Afghan government is open to talks with the Taliban, but only with a cease-fire
The Afghan government is ready to pick up peace negotiations with the Taliban after they were abruptly called off by President Donald Trump but the insurgents must first agree to a cease-fire, Afghanistan’s president said Monday.
Afghans were bracing for more violence following Trump’s surprise weekend announcement, in which he blamed the breakdown of the peace process on continued Taliban attacks, including a suicide car bombing that killed an American soldier Thursday near the U.S. Embassy in Kabul.
It was unclear when or if the peace process could be revived, but Trump told White House reporters Monday that the talks were "dead."
"They're dead. They're dead. As far as I'm concerned, they're dead," he said.
In a speech in Kabul reported by Tolo News, President Ashraf Ghani said Afghanistan has “chosen sustainable and dignified peace and we will not go back."
"Negotiations are impossible without a ceasefire,” he added. “We created the environment for peace, but the Taliban took it wrong.”
Ghani, whose government was not included in the now stalled negotiations, has invited Taliban chief Maulvi Hibatullah Akhunzada to a video conference and urged him to “at least talk with people” instead of hiding, The Associated Press reported. The insurgents dismiss Ghani’s government as a U.S. puppet.
Even as Afghans prepared for the violence to drag on, many said the breakdown of the talks was inevitable, calling the insurgents untrustworthy liars who only wanted to return to power.
The Taliban have been lying throughout the peace talks, hoping to secure a deal that would see coalition troops pull out of the country, said Najibullah Fakhri from northeastern Badakhshan province. Badakhshan never fell under Taliban control when the militants ruled the country in the 1990s, but several districts in the province have been overrun by the insurgents in recent years.
“The Taliban do not speak honestly,” said Fakhri, who fled his home in the district of Jurm, southeast of the Badakhshan’s provincial capital, Fayzabad, five years ago when the militant group began fighting there. “They are just trying to come into power again.”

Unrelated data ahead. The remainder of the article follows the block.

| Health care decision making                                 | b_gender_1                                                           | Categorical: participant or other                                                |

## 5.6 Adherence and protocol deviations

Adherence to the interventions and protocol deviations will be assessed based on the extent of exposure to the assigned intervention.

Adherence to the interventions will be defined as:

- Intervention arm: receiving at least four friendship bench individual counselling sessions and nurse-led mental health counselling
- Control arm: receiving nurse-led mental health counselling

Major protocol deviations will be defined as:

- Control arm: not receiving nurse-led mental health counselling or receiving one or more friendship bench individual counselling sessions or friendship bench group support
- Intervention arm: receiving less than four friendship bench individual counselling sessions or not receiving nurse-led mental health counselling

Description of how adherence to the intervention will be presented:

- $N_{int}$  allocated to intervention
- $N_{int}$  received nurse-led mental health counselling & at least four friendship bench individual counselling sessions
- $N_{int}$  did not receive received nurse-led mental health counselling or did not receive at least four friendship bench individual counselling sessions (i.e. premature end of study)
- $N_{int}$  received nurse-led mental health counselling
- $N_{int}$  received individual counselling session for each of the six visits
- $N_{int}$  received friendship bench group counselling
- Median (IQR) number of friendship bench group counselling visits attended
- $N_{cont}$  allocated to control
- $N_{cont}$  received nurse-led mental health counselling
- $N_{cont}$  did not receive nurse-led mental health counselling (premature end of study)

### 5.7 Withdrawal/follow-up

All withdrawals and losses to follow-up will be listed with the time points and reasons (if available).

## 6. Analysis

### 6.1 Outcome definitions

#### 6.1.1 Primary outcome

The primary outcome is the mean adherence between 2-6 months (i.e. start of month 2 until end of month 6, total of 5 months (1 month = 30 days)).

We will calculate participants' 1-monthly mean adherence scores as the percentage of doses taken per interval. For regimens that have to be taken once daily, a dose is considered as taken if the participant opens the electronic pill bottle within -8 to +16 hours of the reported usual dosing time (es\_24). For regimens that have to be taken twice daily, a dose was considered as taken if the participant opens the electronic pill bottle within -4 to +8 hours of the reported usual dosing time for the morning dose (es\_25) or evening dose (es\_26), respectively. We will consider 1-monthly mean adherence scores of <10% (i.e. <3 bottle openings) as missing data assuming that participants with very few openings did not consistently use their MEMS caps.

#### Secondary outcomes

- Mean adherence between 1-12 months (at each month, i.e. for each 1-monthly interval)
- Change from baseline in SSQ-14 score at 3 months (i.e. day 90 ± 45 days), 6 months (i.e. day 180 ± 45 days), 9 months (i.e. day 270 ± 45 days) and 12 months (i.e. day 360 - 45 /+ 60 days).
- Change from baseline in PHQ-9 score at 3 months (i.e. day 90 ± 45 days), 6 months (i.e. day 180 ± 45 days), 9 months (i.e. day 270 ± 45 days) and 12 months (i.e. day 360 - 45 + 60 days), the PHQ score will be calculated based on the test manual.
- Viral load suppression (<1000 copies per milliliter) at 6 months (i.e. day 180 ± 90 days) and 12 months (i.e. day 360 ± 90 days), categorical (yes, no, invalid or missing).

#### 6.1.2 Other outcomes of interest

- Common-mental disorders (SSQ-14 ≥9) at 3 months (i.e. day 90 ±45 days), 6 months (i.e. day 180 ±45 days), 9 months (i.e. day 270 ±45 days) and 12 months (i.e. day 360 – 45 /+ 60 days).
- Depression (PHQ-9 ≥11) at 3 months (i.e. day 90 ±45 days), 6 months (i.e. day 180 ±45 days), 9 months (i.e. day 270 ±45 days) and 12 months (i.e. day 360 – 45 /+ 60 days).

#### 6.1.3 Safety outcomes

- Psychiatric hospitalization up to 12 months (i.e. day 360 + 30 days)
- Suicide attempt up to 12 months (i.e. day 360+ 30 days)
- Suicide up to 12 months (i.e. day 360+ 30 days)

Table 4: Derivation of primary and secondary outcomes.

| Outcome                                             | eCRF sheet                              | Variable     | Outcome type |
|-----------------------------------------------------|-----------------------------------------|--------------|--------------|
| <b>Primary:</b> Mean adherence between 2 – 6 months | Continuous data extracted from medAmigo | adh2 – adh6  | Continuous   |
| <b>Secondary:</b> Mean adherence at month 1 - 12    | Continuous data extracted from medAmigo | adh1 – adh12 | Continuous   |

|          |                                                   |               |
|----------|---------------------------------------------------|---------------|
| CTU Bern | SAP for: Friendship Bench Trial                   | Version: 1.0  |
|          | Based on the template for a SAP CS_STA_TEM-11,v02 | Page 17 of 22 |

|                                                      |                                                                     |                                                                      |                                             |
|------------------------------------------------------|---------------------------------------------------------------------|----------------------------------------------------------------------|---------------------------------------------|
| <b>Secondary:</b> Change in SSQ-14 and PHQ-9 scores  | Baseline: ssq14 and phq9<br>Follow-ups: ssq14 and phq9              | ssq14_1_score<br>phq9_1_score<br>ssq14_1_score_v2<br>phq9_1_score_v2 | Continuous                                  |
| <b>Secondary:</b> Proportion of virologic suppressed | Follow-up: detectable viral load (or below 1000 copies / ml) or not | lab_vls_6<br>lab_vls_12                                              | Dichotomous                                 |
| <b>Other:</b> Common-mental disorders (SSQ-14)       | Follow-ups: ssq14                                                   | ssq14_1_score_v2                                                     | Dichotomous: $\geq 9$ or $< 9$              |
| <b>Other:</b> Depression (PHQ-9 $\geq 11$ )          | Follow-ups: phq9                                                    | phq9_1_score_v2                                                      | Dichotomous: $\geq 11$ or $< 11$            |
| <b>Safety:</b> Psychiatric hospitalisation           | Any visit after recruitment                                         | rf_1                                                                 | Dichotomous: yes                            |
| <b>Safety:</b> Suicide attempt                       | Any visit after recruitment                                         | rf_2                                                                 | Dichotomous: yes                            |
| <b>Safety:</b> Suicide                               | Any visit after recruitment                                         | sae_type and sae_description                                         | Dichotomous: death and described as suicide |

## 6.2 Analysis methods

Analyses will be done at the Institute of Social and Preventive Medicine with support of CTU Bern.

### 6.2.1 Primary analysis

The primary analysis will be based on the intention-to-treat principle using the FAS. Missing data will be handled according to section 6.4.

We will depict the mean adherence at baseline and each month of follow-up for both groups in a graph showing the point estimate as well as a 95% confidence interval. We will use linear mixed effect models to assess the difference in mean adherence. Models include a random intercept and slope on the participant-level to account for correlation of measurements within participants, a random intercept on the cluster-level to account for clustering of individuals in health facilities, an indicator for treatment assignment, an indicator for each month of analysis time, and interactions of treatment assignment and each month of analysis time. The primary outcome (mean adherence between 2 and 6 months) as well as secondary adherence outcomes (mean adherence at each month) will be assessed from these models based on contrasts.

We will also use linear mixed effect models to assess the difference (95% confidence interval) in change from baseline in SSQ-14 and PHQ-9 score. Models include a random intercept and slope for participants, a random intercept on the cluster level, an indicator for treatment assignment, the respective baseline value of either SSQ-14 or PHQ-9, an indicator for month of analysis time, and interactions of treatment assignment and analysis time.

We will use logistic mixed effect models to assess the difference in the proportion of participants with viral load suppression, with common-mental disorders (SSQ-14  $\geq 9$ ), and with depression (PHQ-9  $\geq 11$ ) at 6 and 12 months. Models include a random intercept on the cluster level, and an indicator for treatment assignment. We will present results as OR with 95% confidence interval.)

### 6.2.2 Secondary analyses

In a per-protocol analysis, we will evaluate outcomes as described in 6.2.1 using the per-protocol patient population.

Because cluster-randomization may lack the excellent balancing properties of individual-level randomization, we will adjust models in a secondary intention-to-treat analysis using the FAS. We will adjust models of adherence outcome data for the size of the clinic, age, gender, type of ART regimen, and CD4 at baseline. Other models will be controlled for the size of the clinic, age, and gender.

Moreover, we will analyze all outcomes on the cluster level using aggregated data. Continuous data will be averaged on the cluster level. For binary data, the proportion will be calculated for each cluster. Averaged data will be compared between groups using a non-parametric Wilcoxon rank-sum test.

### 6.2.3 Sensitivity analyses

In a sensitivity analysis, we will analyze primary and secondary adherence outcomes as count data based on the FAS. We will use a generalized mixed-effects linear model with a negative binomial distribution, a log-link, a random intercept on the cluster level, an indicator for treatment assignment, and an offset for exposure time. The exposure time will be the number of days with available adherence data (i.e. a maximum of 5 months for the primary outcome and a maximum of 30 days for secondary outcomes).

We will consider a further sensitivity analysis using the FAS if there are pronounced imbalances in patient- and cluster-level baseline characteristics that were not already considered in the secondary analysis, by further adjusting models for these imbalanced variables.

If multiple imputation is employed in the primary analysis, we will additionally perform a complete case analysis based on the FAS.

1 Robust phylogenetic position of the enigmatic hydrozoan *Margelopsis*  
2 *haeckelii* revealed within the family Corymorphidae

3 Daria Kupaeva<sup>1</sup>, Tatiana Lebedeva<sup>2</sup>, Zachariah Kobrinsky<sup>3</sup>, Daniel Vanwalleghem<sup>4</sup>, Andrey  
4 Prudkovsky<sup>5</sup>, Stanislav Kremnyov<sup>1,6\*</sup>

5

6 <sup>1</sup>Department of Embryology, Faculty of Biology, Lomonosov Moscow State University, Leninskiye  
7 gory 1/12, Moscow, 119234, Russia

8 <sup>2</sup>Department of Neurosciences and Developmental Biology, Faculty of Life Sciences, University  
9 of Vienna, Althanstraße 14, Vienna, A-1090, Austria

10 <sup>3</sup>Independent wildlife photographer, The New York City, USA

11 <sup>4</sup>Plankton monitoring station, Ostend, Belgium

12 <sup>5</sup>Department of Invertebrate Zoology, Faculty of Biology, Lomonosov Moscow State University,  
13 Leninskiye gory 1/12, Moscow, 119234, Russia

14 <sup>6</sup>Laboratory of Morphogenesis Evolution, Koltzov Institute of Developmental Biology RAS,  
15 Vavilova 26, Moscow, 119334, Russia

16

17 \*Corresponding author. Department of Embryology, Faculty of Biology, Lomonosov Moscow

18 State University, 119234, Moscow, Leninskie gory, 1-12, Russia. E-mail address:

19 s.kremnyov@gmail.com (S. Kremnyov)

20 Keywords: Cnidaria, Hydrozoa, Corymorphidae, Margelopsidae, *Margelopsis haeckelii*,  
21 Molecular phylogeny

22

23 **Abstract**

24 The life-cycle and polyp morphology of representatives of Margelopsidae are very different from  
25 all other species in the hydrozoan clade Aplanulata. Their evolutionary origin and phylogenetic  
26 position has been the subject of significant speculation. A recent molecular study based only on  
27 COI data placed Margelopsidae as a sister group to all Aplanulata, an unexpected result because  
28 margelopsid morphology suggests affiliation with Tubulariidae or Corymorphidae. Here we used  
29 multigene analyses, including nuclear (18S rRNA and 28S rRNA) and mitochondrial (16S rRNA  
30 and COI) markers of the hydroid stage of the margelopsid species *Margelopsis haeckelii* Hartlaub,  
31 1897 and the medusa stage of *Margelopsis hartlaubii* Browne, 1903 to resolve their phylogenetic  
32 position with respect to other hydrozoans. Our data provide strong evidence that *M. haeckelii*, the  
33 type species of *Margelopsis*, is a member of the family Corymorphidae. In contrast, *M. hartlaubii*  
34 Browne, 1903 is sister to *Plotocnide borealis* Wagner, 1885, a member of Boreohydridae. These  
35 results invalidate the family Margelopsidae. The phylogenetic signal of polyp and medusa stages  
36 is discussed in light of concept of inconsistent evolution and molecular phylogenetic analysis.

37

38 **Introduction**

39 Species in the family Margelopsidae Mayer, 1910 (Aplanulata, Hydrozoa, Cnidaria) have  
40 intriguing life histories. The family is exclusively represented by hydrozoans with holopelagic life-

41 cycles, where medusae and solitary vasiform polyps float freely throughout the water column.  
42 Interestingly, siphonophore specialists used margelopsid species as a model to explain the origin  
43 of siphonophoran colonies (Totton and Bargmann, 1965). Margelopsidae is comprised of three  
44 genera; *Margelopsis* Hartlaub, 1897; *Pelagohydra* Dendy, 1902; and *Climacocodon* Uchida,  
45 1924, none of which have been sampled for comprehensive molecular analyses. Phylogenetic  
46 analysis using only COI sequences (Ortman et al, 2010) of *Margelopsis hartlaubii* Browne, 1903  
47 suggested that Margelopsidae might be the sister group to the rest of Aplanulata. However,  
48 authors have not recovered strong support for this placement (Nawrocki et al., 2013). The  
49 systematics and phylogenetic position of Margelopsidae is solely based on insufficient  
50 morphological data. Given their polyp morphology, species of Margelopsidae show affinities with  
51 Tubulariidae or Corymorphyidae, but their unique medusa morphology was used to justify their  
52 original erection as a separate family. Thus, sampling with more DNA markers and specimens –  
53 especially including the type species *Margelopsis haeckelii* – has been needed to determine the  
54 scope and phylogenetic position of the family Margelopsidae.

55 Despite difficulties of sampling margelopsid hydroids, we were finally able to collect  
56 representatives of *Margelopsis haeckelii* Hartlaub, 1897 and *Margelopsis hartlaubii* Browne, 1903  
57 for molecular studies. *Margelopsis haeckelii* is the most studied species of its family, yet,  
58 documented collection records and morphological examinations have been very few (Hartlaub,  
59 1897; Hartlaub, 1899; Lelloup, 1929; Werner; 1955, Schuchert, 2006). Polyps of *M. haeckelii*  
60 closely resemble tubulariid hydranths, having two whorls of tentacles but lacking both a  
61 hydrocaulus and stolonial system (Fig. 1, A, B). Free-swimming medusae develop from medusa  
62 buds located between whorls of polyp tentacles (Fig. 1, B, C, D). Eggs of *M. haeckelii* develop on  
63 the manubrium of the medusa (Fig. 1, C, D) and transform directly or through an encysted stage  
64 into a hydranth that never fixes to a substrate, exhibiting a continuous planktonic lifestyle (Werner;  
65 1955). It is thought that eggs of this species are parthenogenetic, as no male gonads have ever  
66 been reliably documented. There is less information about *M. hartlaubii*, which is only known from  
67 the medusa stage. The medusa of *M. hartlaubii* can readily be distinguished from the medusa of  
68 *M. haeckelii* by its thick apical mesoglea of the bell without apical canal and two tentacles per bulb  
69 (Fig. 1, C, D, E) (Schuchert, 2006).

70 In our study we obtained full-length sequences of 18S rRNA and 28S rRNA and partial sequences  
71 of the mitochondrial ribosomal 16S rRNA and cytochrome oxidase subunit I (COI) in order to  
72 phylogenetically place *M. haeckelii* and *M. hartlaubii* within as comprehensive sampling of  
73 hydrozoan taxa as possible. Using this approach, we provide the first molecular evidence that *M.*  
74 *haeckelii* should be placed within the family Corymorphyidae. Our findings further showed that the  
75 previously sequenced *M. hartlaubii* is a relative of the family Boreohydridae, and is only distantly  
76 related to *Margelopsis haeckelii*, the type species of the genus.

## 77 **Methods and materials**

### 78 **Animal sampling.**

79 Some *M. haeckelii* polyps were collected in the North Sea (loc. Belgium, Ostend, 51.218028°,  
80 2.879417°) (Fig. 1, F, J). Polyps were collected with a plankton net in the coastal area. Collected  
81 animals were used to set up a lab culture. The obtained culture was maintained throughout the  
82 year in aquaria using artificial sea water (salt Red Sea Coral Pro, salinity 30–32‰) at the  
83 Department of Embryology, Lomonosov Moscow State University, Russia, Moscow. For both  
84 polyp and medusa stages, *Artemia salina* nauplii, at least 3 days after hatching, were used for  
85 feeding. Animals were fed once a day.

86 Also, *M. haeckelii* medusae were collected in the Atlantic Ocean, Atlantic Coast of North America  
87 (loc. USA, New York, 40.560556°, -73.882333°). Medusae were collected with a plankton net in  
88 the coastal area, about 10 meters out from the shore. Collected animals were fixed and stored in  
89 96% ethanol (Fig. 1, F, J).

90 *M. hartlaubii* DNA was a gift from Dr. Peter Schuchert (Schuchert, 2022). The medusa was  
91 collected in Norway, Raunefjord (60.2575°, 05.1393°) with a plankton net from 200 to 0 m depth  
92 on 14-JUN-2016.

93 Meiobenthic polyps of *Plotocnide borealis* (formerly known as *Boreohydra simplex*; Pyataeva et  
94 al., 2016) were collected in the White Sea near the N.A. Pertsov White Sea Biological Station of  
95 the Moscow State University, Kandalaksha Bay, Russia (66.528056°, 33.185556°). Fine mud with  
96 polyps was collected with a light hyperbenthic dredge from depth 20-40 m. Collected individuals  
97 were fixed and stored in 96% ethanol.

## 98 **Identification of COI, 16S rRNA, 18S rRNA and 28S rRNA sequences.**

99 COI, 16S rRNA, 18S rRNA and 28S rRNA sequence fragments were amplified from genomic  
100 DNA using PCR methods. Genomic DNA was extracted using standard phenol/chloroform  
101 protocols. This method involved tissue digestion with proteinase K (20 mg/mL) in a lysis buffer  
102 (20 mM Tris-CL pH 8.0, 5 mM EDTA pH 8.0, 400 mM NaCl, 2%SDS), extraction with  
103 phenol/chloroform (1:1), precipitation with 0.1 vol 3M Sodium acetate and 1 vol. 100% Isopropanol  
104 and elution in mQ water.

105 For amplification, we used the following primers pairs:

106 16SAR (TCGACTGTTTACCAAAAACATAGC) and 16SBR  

Afghanistan was “in chaos,” said Malik Abdul Hadi, a tribal elder in Afghanistan’s eastern Laghman province, after Trump announced Saturday that he had called off peace negotiations and canceled secretly planned talks that would have been held separately with the Taliban and the Afghan government over the weekend in Camp David, Md.
“After nine months of talks, there is no result,” Hadi lamented.
“The Taliban cannot be trusted,” he added, echoing what Trump said on Twitter — that he’d called off the talks because “the Taliban’s persistent, grisly violence made them untrustworthy partners.”
What the Taliban said during the talks with the U.S. in Doha “is very different from what they are doing here,” said Fakhri, who represents some 3,000 families who fled to the Badakhshan city of Baharak after militants took control of their towns.
Despite a Taliban statement this February that said the group is “committed to all rights of women,” locals in Badakhshan have said that, in the parts of the province controlled by the group, girls aren’t allowed to go to school after sixth grade.
Watching television, listening to the radio, playing music, or using mobile phones are all banned in those regions, Fakhri and other locals said.
Men are flogged for committing acts of “vice,” which have included things such as flying a kite or having too short a beard. At the same time, “the Taliban are beating our wives,” said Fakhri.
While many Afghans appear to lack faith in the goodwill of the insurgents, they also mourned the loss of a chance for peace after the cancelation of the U.S.-Taliban talks.
“Every day, Afghan people are killed,” said Basher Walizada, a businessman from Logar province. “Every day (there is) explosion.”